Cooking over fire or with a camping stove is such a big topic that I could set up another blog entirely devoted to the subject! Given that not everyone is in a position to immediately do this, I thought it would be better to share simple snack ideas which practitioners find work well outside without the need for a fire or heating up the food.

  • Raisins in little cardboard boxes. Then children can use the little boxes to collect tiny little treasures which they find on their outing. (Thanks to Helen Robinson for this idea)
  • Oatcakes, rice cakes or other plain biscuits. Have a selection of spreads available for self-spreading. Some children are quite happy with a bit of bread and butter.
  • Slice up some cheese for eating with plain biscuits. Or have cubes to nibble.
  • Pitta , ciabatta and other types of bread which can be sliced up and ready to eat.
  • Vegetable sticks such as carrot, celery and strips of red, green or yellow peppers.
  • Fresh fruit. It may be easier to cut and prepare before leaving the school or nursery.
  • Dried fruit including apples, apricots, dates and figs.
  • Hot oat cereal. Add hot milk from a flask and mix well before eating. A few pieces of banana mixed in can be a nice treat.
  • Instant noodles. Add hot water. Drain any excess and add flavourings of your choice.

Finally, I’m sure you may have some great ideas for snacks outside. It would be great if you were willing to share them through commenting below. 🙂 I’m particularly interested in litter-free suggestions where re-usable or recyclable packing is used.

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{ 11 comments… read them below or add one }

Kierna December 6, 2014 at 18:55

Some lovely ideas, like the warm apple juice one & definitely will try this some week. Popcorn is favourite snack for outdoors & of course marshmallows. We have snack outside every day so it is just the norm for the children but so far toast is their favourite thing.

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Juliet Robertson December 6, 2014 at 20:47

Indoors or out, toast works well… I think the smell tantalises the tastebuds!

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Karen December 7, 2014 at 09:43

Hi,
I’ve cooked jacket potatoes(inside)then wrapped them in lots of foil and had these at forest school with lots of butter and hot chocolate. The children love it and really tuck in

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Juliet Robertson December 8, 2014 at 08:50

That sounds really sensible as the potatoes keep their heat for a long time when wrapped up well.

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Coombe Mill December 7, 2014 at 20:28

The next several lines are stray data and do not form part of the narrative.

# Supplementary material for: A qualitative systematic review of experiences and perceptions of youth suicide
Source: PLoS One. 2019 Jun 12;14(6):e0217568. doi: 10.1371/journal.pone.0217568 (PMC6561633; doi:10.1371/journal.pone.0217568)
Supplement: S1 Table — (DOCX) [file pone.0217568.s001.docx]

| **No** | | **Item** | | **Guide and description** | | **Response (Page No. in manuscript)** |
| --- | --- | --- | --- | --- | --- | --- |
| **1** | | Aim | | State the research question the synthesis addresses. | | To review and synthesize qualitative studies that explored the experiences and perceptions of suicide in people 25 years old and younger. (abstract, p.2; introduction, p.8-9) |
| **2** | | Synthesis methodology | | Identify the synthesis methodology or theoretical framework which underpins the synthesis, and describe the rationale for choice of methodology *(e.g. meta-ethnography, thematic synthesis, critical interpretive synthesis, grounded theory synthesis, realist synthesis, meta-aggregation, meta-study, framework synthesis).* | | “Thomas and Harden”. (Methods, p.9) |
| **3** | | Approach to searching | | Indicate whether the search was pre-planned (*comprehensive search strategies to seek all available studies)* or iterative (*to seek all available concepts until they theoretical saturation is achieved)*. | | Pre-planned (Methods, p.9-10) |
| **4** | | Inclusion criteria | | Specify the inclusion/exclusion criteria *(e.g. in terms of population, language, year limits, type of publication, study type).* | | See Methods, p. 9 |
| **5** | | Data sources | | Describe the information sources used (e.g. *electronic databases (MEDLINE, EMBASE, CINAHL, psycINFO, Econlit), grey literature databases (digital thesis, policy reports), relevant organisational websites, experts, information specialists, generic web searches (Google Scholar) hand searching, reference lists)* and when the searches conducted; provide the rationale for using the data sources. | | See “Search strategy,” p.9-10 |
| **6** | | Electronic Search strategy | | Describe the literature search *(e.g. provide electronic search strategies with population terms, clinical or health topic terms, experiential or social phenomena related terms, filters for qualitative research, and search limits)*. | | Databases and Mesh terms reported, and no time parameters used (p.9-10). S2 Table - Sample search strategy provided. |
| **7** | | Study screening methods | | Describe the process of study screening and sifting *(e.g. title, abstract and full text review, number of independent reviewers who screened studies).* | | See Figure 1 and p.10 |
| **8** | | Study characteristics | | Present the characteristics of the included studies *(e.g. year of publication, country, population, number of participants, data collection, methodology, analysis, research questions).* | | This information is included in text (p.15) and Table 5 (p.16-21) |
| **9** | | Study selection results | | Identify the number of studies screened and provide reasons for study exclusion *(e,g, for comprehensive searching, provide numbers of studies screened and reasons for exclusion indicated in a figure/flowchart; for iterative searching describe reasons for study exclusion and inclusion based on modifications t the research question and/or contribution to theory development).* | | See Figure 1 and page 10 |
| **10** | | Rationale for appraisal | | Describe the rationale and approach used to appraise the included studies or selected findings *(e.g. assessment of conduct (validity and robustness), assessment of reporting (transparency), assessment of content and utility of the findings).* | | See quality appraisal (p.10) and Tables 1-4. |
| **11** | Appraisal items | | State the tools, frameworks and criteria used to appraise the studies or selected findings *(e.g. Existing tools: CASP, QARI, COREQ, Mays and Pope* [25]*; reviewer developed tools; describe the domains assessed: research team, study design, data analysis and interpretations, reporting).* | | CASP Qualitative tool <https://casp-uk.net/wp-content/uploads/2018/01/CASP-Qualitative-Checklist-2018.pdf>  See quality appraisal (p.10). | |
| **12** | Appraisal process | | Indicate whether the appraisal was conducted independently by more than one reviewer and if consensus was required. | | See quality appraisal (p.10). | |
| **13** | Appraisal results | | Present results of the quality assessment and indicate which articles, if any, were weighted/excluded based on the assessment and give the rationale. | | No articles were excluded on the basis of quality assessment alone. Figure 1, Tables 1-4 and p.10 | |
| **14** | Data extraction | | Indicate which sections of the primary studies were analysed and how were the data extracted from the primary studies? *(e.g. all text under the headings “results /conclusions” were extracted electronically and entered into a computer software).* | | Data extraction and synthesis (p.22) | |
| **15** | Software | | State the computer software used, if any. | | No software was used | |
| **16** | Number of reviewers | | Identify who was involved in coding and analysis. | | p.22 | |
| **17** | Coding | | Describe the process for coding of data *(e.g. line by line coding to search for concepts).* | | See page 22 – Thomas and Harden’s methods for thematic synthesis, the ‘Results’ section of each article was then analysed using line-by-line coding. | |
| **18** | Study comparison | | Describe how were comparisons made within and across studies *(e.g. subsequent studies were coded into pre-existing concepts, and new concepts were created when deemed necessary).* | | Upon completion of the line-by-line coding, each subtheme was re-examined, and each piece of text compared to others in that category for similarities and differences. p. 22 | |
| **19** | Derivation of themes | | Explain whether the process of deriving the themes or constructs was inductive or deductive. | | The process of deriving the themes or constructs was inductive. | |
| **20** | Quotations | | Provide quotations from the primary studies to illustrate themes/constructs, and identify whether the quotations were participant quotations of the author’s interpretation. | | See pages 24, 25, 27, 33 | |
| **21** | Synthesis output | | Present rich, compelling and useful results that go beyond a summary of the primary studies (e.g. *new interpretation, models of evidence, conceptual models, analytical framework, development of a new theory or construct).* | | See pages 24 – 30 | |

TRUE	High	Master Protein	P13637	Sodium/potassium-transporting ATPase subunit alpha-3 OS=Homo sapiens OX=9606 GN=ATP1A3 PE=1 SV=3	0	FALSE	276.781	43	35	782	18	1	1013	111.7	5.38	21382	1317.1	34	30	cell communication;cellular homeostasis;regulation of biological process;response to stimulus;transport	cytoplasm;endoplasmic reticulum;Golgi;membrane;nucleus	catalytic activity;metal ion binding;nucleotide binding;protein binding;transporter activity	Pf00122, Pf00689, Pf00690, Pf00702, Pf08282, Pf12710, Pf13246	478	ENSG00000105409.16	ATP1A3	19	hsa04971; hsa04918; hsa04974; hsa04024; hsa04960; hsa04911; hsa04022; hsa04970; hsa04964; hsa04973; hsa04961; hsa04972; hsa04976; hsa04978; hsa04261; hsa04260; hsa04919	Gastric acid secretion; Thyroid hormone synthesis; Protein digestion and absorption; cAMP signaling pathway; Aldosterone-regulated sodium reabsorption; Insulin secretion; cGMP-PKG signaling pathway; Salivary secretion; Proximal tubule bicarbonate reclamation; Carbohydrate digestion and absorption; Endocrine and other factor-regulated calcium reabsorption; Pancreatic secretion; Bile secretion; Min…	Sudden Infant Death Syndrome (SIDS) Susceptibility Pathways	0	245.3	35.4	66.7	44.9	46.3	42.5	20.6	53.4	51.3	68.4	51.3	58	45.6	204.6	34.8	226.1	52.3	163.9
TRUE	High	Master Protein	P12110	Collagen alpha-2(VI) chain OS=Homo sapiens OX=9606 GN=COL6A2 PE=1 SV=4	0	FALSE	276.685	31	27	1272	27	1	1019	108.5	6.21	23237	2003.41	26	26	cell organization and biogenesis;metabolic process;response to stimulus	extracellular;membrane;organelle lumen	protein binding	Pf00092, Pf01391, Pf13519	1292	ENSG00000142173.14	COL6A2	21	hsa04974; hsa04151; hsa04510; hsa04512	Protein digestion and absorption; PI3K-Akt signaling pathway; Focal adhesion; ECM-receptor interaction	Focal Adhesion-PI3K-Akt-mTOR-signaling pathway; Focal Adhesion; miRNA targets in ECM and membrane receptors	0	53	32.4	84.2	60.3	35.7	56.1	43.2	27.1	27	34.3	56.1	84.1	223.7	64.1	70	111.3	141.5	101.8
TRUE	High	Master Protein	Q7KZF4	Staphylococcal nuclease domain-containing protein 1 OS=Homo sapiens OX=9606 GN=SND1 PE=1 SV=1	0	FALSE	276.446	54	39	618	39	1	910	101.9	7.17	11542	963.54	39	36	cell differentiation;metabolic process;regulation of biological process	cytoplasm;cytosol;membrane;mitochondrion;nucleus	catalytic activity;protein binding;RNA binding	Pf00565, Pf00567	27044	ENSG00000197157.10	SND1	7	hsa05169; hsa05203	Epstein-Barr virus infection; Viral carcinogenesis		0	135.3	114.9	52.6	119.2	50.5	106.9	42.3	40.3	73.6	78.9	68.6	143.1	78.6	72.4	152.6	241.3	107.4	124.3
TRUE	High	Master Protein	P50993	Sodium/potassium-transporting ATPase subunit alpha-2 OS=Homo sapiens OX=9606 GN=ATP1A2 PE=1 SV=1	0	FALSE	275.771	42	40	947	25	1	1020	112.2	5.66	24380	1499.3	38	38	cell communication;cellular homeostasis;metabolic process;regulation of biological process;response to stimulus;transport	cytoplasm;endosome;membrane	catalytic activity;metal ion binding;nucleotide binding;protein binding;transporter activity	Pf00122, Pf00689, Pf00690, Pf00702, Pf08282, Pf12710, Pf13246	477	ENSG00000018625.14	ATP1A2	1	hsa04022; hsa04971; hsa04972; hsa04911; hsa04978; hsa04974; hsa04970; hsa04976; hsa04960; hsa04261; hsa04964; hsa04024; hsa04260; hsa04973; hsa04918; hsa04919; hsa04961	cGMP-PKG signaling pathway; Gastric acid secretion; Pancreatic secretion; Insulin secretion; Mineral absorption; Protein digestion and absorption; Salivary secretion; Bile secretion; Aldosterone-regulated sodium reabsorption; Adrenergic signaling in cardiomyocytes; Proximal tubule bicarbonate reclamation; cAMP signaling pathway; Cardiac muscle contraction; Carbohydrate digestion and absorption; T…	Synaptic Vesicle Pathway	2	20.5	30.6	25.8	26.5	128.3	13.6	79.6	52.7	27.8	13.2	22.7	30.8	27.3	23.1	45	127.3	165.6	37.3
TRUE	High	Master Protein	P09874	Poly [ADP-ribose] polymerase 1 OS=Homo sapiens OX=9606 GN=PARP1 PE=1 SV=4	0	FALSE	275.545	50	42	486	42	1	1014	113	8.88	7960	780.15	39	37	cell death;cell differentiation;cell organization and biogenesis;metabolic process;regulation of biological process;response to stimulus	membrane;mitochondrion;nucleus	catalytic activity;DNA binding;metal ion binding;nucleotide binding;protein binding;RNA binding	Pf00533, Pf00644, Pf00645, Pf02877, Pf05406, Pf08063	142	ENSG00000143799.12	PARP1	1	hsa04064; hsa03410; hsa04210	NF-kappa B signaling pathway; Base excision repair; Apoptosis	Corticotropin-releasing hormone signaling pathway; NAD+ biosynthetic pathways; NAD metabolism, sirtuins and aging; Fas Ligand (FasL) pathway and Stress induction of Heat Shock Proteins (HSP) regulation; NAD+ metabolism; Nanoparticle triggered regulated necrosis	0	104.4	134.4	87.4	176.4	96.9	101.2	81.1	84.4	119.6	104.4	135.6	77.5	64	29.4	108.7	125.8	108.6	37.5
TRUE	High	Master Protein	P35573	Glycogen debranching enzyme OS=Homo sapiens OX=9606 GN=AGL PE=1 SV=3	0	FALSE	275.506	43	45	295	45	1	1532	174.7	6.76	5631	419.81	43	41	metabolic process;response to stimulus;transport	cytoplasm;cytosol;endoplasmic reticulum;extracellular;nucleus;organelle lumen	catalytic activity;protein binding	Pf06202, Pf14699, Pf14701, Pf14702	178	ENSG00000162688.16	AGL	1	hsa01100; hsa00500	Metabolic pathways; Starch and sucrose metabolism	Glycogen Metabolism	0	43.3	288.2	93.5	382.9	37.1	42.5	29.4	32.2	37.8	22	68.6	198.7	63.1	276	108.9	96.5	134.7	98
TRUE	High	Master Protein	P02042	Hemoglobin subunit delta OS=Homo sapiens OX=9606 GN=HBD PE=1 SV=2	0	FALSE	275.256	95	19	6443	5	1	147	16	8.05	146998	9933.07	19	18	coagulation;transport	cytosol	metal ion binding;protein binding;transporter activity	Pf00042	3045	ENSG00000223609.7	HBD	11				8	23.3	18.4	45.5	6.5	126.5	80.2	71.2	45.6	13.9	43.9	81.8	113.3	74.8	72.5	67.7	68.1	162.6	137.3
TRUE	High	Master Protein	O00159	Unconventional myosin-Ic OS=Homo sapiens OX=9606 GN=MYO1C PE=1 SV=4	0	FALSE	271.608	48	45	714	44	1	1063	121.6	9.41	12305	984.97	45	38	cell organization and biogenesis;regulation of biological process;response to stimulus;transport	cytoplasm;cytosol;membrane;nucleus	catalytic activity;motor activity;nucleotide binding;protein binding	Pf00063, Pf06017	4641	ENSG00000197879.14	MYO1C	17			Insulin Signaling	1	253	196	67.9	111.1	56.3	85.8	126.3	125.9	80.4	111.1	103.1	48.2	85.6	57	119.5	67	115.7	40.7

There’s some really great ideas here for parents to help their children experience more! It’s great that each child carried their own sitting mat in their backpacks and knew not to put their wellies on the mats. Thanks for linking up with Country Kids.

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Catherine (Adventure Togs) December 13, 2014 at 10:33

Wonderful to see the children enjoying healthy food together in the outdoors and also developing their social skills. It’s sad that so many meals are taken in front of screen these days with no family conversation…..we have always encouraged family eating around a table in our household, whether indoors or out. Litter-free snacks are also so important for the environment, it’s great to see a list of lots of ideas to keep litter to a minimum. #OutdoorPlayParty

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Linda December 15, 2014 at 20:07

LOVE the fact that the Skogsmulle-concept has spread to Japan! I grew up grilling “bread on a stick” as we call it in Sweden and now share that tradition with my girls. Hot chocolate is another staple that we love to bring outdoors for our picnics. Thanks for linking up to the #outdoorplayparty!

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Julie Watson October 11, 2015 at 20:18

we have a pan with an extra long handle for cooking popcorn on a fire. It has a grill on top to stop the popcorn jumping out but you can still see it.

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Juliet Robertson October 11, 2015 at 20:38

Thanks for the suggestion Julie. I like this idea – I’ve also seen whirligig popcorn making pans from the US which have a turner to stop the popcorn from sticking to the bottom of the pan. Amazing invention!

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Erin Kenny October 12, 2015 at 18:03

We bring a thermos of hot water and the children add edible forest items ( fir and cedar needles, huckleberry leaves, lichen) which then steep until snack time. We pour the hot tea into the children’s water bottles and the children carry the hot water bottles with them as they drink the contents. We also bring hot potatos, wrapped in foil, calling them our edible hand warmers. The children break open the steaming snacks, warming their hands as they slowly nibble the treat.

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Juliet Robertson October 12, 2015 at 18:33

Hello Erin

Your comment reminds me of my time in Canada working in an outdoor and teaching children how to make cedar tea. Our Scottish equivalent uses fresh Scot’s pine needles.

I love the concept of edible hand warmers. I hope this inspires others to consider this idea too.

Thank you for your contribution and wishing Cedarsong Nature School every continued success in its work with children.